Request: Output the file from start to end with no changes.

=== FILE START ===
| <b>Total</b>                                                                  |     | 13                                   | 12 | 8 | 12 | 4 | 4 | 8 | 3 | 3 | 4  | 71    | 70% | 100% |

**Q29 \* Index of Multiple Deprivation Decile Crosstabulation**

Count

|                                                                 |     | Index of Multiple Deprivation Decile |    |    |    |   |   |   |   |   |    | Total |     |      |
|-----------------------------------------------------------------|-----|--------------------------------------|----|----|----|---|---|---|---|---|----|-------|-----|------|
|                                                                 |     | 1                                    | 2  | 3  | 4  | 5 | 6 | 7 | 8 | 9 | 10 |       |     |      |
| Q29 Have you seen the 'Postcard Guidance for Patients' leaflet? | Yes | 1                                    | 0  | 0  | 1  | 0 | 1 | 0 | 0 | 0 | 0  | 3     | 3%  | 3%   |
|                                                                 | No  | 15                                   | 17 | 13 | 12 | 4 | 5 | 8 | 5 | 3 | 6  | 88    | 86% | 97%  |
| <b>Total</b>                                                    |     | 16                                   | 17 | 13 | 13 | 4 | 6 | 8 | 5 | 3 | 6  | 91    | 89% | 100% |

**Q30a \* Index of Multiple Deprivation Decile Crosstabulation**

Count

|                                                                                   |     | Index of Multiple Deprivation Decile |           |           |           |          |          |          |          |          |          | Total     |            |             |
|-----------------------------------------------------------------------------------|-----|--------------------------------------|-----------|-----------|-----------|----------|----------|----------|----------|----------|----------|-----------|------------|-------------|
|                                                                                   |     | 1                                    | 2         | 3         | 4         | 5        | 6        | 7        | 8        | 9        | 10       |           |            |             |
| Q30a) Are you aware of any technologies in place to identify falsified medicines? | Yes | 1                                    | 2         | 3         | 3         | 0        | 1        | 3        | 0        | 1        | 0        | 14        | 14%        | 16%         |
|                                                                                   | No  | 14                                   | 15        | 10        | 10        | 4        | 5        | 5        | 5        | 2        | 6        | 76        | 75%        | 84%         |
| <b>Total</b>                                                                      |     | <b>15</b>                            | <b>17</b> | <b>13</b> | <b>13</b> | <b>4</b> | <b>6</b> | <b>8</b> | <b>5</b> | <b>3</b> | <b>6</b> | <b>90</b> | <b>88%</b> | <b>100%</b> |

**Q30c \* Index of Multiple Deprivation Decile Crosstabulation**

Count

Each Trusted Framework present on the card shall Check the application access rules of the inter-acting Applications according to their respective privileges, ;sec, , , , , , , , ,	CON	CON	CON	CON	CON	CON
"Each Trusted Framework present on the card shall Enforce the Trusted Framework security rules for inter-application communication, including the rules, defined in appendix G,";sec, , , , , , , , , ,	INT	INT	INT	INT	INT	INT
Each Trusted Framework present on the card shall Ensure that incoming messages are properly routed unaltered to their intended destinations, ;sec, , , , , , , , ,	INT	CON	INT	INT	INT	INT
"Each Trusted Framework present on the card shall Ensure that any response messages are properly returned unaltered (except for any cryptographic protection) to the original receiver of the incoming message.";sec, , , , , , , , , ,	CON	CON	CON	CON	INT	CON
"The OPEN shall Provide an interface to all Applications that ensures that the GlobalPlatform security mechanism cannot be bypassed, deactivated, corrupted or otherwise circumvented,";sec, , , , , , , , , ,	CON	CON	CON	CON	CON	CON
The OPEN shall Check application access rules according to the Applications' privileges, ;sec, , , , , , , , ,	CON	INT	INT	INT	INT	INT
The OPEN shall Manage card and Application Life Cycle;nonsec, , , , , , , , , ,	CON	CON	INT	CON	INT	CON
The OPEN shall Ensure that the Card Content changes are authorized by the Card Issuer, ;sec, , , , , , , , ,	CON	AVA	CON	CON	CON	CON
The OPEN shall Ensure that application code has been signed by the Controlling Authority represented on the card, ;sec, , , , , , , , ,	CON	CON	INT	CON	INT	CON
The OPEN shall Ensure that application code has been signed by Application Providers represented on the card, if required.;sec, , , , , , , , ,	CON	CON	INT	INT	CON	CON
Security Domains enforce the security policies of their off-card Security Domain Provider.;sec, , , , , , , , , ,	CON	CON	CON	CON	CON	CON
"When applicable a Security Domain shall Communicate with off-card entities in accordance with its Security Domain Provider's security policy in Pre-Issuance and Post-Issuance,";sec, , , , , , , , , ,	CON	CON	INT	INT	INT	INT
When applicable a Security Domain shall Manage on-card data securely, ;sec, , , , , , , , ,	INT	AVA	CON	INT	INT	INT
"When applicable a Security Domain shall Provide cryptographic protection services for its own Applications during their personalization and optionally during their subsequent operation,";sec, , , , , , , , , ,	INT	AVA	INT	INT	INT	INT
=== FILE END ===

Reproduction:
| <b>Total</b>                                                                  |     | 13                                   | 12 | 8 | 12 | 4 | 4 | 8 | 3 | 3 | 4  | 71    | 70% | 100% |

**Q29 \* Index of Multiple Deprivation Decile Crosstabulation**

Count

|                                                                 |     | Index of Multiple Deprivation Decile |    |    |    |   |   |   |   |   |    | Total |     |      |
|-----------------------------------------------------------------|-----|--------------------------------------|----|----|----|---|---|---|---|---|----|-------|-----|------|
|                                                                 |     | 1                                    | 2  | 3  | 4  | 5 | 6 | 7 | 8 | 9 | 10 |       |     |      |
| Q29 Have you seen the 'Postcard Guidance for Patients' leaflet? | Yes | 1                                    | 0  | 0  | 1  | 0 | 1 | 0 | 0 | 0 | 0  | 3     | 3%  | 3%   |
|                                                                 | No  | 15                                   | 17 | 13 | 12 | 4 | 5 | 8 | 5 | 3 | 6  | 88    | 86% | 97%  |
| <b>Total</b>                                                    |     | 16                                   | 17 | 13 | 13 | 4 | 6 | 8 | 5 | 3 | 6  | 91    | 89% | 100% |

**Q30a \* Index of Multiple Deprivation Decile Crosstabulation**

Count

|                                                                                   |     | Index of Multiple Deprivation Decile |           |           |           |          |          |          |          |          |          | Total     |            |             |
|-----------------------------------------------------------------------------------|-----|--------------------------------------|-----------|-----------|-----------|----------|----------|----------|----------|----------|----------|-----------|------------|-------------|
|                                                                                   |     | 1                                    | 2         | 3         | 4         | 5        | 6        | 7        | 8        | 9        | 10       |           |            |             |
| Q30a) Are you aware of any technologies in place to identify falsified medicines? | Yes | 1                                    | 2         | 3         | 3         | 0        | 1        | 3        | 0        | 1        | 0        | 14        | 14%        | 16%         |
|                                                                                   | No  | 14                                   | 15        | 10        | 10        | 4        | 5        | 5        | 5        | 2        | 6        | 76        | 75%        | 84%         |
| <b>Total</b>                                                                      |     | <b>15</b>                            | <b>17</b> | <b>13</b> | <b>13</b> | <b>4</b> | <b>6</b> | <b>8</b> | <b>5</b> | <b>3</b> | <b>6</b> | <b>90</b> | <b>88%</b> | <b>100%</b> |

**Q30c \* Index of Multiple Deprivation Decile Crosstabulation**

Count

Each Trusted Framework present on the card shall Check the application access rules of the inter-acting Applications according to their respective privileges, ;sec, , , , , , , , ,	CON	CON	CON	CON	CON	CON
"Each Trusted Framework present on the card shall Enforce the Trusted Framework security rules for inter-application communication, including the rules, defined in appendix G,";sec, , , , , , , , , ,	INT	INT	INT	INT	INT	INT
Each Trusted Framework present on the card shall Ensure that incoming messages are properly routed unaltered to their intended destinations, ;sec, , , , , , , , ,	INT	CON	INT	INT	INT	INT
"Each Trusted Framework present on the card shall Ensure that any response messages are properly returned unaltered (except for any cryptographic protection) to the original receiver of the incoming message.";sec, , , , , , , , , ,	CON	CON	CON	CON	INT	CON
"The OPEN shall Provide an interface to all Applications that ensures that the GlobalPlatform security mechanism cannot be bypassed, deactivated, corrupted or otherwise circumvented,";sec, , , , , , , , , ,	CON	CON	CON	CON	CON	CON
The OPEN shall Check application access rules according to the Applications' privileges, ;sec, , , , , , , , ,	CON	INT	INT	INT	INT	INT
The OPEN shall Manage card and Application Life Cycle;nonsec, , , , , , , , , ,	CON	CON	INT	CON	INT	CON
The OPEN shall Ensure that the Card Content changes are authorized by the Card Issuer, ;sec, , , , , , , , ,	CON	AVA	CON	CON	CON	CON
The OPEN shall Ensure that application code has been signed by the Controlling Authority represented on the card, ;sec, , , , , , , , ,	CON	CON	INT	CON	INT	CON
The OPEN shall Ensure that application code has been signed by Application Providers represented on the card, if required.;sec, , , , , , , , ,	CON	CON	INT	INT	CON	CON
Security Domains enforce the security policies of their off-card Security Domain Provider.;sec, , , , , , , , , ,	CON	CON	CON	CON	CON	CON
"When applicable a Security Domain shall Communicate with off-card entities in accordance with its Security Domain Provider's security policy in Pre-Issuance and Post-Issuance,";sec, , , , , , , , , ,	CON	CON	INT	INT	INT	INT
When applicable a Security Domain shall Manage on-card data securely, ;sec, , , , , , , , ,	INT	AVA	CON	INT	INT	INT
"When applicable a Security Domain shall Provide cryptographic protection services for its own Applications during their personalization and optionally during their subsequent operation,";sec, , , , , , , , , ,	INT	AVA	INT	INT	INT	INT